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In a study conducted by flexible working consultancy business, Timewise, 48% of workers said they would not trust a part-time colleague with an important or ‘business-critical’ task, whilst 49% believed that it was not possible to have a senior-level career, whilst working part-time.
Although this is a reduction from the 72% who responded in the same way in 2012, it serves to indicate a significant disparity from the reality of those who work part-time. Latest figures published by the Office for National Statistics (ONS) in May 2022 show that there are currently 8,097,000 people working part-time in the UK, an estimated one in four.
A separate report published by the ONS estimated that around 750,000 part-time workers are in senior and business-critical roles. This equates to around 9% of all part time workers, which lends some credibility to the views of the Timewise respondents that part-timers may struggle to have a senior-level career.
This sparks an interesting conversation concerning the perception of part-time workers and the work that is still needed to alter views that do not currently align with the reality of part-time working.
The part time workers regulations
There is statutory protection in place for those who work part time, in the form of the snappily titled Part-Time Workers (Prevention of Less Favourable Treatment) Regulations 2000.
As the name suggests, the part-time workers regulations prevent employers from treating their part time staff less favourably on the grounds of them working part time, unless the treatment can be objectively justified.
What this means in practice is that it’s absolutely fine, for example, to pro-rate pay and most benefits by reference to the days/hours a part time worker actually performs, but to deny a part time worker a promotion because you think they won’t work as hard as a full time worker, will be in breach of the Regulations.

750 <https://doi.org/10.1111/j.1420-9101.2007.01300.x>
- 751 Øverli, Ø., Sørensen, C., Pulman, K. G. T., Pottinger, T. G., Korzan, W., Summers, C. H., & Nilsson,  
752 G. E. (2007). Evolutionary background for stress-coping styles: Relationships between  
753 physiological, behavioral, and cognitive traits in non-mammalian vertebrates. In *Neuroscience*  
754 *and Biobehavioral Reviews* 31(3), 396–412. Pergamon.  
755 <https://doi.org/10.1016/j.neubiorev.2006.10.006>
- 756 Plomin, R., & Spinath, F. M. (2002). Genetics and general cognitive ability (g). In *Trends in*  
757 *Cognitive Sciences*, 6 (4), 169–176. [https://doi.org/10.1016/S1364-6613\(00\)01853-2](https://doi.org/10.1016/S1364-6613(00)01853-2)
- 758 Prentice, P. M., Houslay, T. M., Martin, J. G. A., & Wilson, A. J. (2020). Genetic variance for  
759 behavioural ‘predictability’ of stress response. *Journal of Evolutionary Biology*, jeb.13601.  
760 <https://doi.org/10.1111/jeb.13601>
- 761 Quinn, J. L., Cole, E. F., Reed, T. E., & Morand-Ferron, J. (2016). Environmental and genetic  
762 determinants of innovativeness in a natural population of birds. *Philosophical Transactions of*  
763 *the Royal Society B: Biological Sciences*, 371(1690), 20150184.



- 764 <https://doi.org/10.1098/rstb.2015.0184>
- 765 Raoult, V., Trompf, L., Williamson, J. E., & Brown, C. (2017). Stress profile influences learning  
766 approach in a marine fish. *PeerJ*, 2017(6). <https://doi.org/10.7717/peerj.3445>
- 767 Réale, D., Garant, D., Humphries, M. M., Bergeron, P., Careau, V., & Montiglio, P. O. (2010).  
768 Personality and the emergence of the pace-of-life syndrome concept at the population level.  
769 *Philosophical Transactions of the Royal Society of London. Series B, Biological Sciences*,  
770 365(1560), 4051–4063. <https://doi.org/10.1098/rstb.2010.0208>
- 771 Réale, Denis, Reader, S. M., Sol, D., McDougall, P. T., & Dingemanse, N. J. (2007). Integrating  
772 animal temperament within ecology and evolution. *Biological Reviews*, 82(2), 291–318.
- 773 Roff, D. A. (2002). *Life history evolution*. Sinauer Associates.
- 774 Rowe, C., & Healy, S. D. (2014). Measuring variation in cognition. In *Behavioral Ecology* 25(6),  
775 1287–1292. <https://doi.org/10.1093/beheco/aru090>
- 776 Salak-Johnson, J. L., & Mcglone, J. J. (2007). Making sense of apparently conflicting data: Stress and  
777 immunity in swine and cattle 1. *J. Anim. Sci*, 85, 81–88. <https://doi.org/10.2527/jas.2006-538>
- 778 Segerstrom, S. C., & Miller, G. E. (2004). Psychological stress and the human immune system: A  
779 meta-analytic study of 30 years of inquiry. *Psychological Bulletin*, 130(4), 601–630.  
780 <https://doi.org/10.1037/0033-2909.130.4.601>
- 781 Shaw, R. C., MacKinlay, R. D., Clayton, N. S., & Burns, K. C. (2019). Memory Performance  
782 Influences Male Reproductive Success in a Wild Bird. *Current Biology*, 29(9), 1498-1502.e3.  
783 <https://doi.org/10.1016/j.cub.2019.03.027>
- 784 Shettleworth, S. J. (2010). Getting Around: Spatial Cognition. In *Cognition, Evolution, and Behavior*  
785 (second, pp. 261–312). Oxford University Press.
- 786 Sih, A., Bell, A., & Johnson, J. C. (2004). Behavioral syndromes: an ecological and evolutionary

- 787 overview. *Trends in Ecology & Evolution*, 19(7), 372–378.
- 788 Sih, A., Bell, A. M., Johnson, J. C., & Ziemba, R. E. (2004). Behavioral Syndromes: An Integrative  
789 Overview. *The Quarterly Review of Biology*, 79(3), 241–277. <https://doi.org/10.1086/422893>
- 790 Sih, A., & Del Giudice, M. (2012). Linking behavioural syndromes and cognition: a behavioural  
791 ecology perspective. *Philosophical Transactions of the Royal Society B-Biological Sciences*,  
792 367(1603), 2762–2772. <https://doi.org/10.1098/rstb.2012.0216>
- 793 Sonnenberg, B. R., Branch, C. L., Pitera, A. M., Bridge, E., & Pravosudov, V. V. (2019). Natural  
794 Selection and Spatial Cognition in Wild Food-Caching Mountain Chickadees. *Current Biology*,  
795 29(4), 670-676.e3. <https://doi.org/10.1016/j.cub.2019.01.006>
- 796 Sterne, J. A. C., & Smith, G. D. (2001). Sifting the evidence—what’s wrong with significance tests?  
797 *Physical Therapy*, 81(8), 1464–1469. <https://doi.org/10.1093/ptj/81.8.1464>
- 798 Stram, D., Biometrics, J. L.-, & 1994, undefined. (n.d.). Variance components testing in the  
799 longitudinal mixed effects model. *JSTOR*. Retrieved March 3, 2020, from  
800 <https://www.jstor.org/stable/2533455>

In practice, things aren’t usually that black and white, and in England & Wales if an employee can demonstrate that their part-time status is one of the reasons for being treated unfavourably, they may be awarded compensation by an employment tribunal. It’s worth noting that the way in which case law has developed means that in Scotland the test is more strict, and part time status has to be the sole reason for the less favourable treatment to fall foul of the Regulations.
Where an employer does treat a worker unfavourably on the grounds of their part time status, they may be able to defend any claims if they can show that the less favourable treatment was:
- aimed at achieving a legitimate objective
- necessary in order to achieve that objective; and
- an appropriate way of achieving that objective.
What does this all mean for employers?
With attitudes towards work/life balance undergoing a major shift since the pandemic, resulting in more and more workers looking for flexible working arrangements, allegations of unfavourable treatment from those who work part time are bound to increase.
Employers should ensure that business decisions involving part time workers are made on the basis of factors that ideally don’t include their part time status or, where they do, that there is a justifiable reason for the difference in treatment.
Employers should also look at their senior and business-critical roles and ask why there aren’t more part time workers occupying those roles, and should, or can, anything be done to address it? The answer might be no, but a business that’s asked itself those questions and already has the answers will be much better placed to protect itself against any allegations of unfavourable treatment if they do arise.